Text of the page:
India’s border disputes with China and Nepal: Brief History and Contemporary Strategic Relevance

Image source: Stockphotos

On the night of 15 June and the early morning of 16 June, Indian and Chinese soldiers were involved in a confrontation at the Galwan Valley, located at the Line of Actual Control (LAC) in the Union Territory of Ladakh. In this clash, 20 Indian soldiers were martyred while 35 Chinese soldiers were killed.

India and China have been involved in a stand-off since two months at the Line of Actual Control (LAC) in Ladakh. During the stand-off, there have been a few clashes between both the forces. On June 6 a high-level meeting was held between military officers from both the sides in which there was an agreement to de-escalate. As a part of de-escalation, China had agreed to remove its newly constructed post at the LAC. But China did not carry out its part of the agreement. When the Indian delegation went to inquire about the same, China attacked the delegation in which the Commanding Officer Colonel Santosh Babu lost his life. Later Indian soldiers of 16 Bihar Regiment attacked the Chinese soldiers which resulted in casualties from both the sides. These attacks took place by way of hand to hand fight, sticks and stones. Agreements of 1996 and 2005 between India and China prevent both the forces from using a gun or any other firearm at India-China border.

Since two months China has been attempting incursions across the LAC at several places such as the Galwan Valley, Hot Springs, Pangong Tso Lake, Depsang and Demchok. On its side of LAC, China has been building posts and bringing in a large number of troops. After the recent incidents at the Galwan Valley India has also increased its strength at the border.

Along with China, Nepal is also involved in a border dispute with India. It would be important to know these disputes individually and collectively with strategic relevance.

Image source: The Hindu

The border dispute between India and China

The confrontation happened at a place called Line of Actual Control (LAC). India shares 3,488 km long border with China. India-China border spans across one Union Territory – Ladakh, and four states – Himachal Pradesh, Uttarakhand, Sikkim and Arunachal Pradesh. The LAC is not a well-defined and well-marked border due to the geographical location. This is the reason why Indian and Chinese troops often cross each others’ path while patrolling. Heated arguments and clashes between Indian and Chinese troops are common along the LAC. Most of the times, these situations are resolved by discussions between senior military officials from both sides.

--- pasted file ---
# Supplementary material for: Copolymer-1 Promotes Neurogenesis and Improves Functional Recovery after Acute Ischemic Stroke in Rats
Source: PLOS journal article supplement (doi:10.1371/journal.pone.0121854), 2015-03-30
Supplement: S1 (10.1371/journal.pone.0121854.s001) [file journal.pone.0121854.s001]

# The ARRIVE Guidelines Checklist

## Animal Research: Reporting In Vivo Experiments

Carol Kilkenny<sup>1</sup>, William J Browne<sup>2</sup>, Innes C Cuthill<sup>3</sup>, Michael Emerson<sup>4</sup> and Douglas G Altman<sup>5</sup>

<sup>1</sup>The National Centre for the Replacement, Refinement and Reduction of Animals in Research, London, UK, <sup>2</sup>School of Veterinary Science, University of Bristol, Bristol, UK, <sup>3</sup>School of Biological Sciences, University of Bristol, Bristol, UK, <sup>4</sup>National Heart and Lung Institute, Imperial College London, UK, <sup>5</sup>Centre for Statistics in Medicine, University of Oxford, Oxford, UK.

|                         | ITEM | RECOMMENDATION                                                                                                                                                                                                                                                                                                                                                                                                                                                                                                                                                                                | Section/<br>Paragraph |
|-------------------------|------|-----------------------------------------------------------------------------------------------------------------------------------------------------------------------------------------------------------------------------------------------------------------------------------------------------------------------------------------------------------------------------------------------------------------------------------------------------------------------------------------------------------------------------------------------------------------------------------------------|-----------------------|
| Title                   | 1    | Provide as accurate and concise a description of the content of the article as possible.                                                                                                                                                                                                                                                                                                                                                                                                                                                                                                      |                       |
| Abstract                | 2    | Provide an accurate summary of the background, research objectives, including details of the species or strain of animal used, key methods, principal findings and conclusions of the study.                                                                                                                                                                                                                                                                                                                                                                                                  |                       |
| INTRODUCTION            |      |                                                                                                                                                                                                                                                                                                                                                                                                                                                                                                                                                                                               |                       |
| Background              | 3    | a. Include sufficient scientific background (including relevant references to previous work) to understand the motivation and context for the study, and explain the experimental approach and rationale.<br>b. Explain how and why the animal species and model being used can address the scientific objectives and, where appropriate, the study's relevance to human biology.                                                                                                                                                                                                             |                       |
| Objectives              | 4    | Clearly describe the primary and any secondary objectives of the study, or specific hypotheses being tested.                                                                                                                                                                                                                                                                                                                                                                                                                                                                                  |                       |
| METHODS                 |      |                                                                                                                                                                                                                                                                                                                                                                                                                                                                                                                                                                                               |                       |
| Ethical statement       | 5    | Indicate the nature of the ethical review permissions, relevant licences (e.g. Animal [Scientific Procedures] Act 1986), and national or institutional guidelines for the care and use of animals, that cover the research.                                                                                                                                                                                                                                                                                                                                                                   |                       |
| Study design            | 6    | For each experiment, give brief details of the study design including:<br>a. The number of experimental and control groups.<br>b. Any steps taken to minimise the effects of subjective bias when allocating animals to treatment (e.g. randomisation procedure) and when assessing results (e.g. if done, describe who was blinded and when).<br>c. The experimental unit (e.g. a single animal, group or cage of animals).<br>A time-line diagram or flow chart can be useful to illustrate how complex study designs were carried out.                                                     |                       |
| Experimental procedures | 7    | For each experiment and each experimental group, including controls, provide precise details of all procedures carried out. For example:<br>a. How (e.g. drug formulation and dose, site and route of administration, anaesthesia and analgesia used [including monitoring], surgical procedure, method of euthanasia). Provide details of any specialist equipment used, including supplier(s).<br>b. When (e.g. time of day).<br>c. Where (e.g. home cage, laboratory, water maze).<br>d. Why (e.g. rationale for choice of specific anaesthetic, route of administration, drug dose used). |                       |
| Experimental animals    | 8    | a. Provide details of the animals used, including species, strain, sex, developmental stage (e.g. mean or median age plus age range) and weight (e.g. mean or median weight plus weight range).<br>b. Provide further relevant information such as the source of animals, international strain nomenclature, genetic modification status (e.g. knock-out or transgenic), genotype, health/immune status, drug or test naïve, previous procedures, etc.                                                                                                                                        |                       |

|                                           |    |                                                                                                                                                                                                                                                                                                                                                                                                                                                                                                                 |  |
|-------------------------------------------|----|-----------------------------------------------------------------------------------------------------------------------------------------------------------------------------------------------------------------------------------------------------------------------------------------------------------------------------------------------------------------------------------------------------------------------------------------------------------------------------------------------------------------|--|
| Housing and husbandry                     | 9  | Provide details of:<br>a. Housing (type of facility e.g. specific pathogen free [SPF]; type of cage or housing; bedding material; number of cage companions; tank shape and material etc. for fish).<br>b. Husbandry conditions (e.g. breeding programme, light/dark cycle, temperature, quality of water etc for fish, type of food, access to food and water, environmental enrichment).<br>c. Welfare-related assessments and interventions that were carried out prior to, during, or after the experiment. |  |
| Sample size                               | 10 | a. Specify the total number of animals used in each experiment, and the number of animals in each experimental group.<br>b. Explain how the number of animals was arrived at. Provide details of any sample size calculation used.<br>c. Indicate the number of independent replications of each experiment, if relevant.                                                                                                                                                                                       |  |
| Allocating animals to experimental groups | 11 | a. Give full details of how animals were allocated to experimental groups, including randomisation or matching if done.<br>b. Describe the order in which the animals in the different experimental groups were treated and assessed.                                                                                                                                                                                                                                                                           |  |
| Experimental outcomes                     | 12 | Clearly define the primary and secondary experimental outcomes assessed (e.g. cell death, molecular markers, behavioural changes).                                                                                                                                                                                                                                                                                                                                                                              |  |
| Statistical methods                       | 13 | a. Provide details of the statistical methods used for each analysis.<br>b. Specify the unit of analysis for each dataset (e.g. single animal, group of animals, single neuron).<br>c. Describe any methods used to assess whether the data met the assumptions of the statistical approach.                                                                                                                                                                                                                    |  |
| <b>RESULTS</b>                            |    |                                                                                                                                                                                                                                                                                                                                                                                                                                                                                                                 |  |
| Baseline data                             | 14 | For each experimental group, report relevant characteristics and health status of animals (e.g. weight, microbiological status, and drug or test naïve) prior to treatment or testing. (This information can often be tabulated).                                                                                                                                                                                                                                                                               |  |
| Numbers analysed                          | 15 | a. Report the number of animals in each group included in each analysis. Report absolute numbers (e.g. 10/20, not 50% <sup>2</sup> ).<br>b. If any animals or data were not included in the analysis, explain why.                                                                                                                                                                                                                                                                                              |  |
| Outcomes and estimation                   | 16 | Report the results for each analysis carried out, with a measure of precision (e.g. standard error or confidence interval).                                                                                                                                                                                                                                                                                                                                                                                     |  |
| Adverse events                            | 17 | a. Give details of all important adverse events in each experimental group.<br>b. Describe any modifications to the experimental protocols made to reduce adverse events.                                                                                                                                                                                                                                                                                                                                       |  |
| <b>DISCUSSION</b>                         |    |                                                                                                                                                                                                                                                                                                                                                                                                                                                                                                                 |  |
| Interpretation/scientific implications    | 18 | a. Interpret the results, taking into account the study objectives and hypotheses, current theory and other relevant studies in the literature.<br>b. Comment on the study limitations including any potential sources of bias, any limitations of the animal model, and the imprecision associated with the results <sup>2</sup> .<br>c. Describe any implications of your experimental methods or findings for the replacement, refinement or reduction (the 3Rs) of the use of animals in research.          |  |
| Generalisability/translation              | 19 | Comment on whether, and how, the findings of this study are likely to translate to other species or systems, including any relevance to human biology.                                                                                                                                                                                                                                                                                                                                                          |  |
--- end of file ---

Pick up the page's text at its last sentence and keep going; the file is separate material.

In 1962, China invaded India and occupied 38,000 sq km of the territory of Ladakh. The origin of border dispute is the McMahon Line of 1914 that defines the border between the two countries. China had challenged this demarcation. The efforts between India and China to resolve the dispute did not succeed. As a result, there was a war in 1962. There have been a number of dialogues between both the countries but the border dispute remains unresolved.

Image source: HRW

Where does Nepal come into the picture?

While India has been engaged in a stand-off with China for two months now, Nepal has brought up a border dispute with India. India-Nepal shares 1800 km long border. In May, Nepal released a map in which three places – Kalapani, Lipulekh and Limpiyadhura – which are part of India, were shown as the part of Nepal. These places are located in the Indian state of Uttarakhand. Later in June Nepal’s parliament passed the bill approving the new maps and Nepal’s President Bidhya Devi Bhandari ratified this bill.

The border dispute between India and Nepal goes back to the early 19th century. The Kali River marks the boundary between India and Nepal in this area. These three areas are located at Pithoragarh in Uttarakhand while Nepal claims these areas are in Dharchula district in Nepal. India’s stand is that the demarcation of areas between India and Nepal is the result of the Treaty of Sugauli signed between the British and Nepal after the Anglo-Nepal War in 1816. However, Nepal refuses to accept these boundaries. This dispute is significant since these three areas are located at India-Nepal-China tri-junction. At present this dispute is yet to be resolved.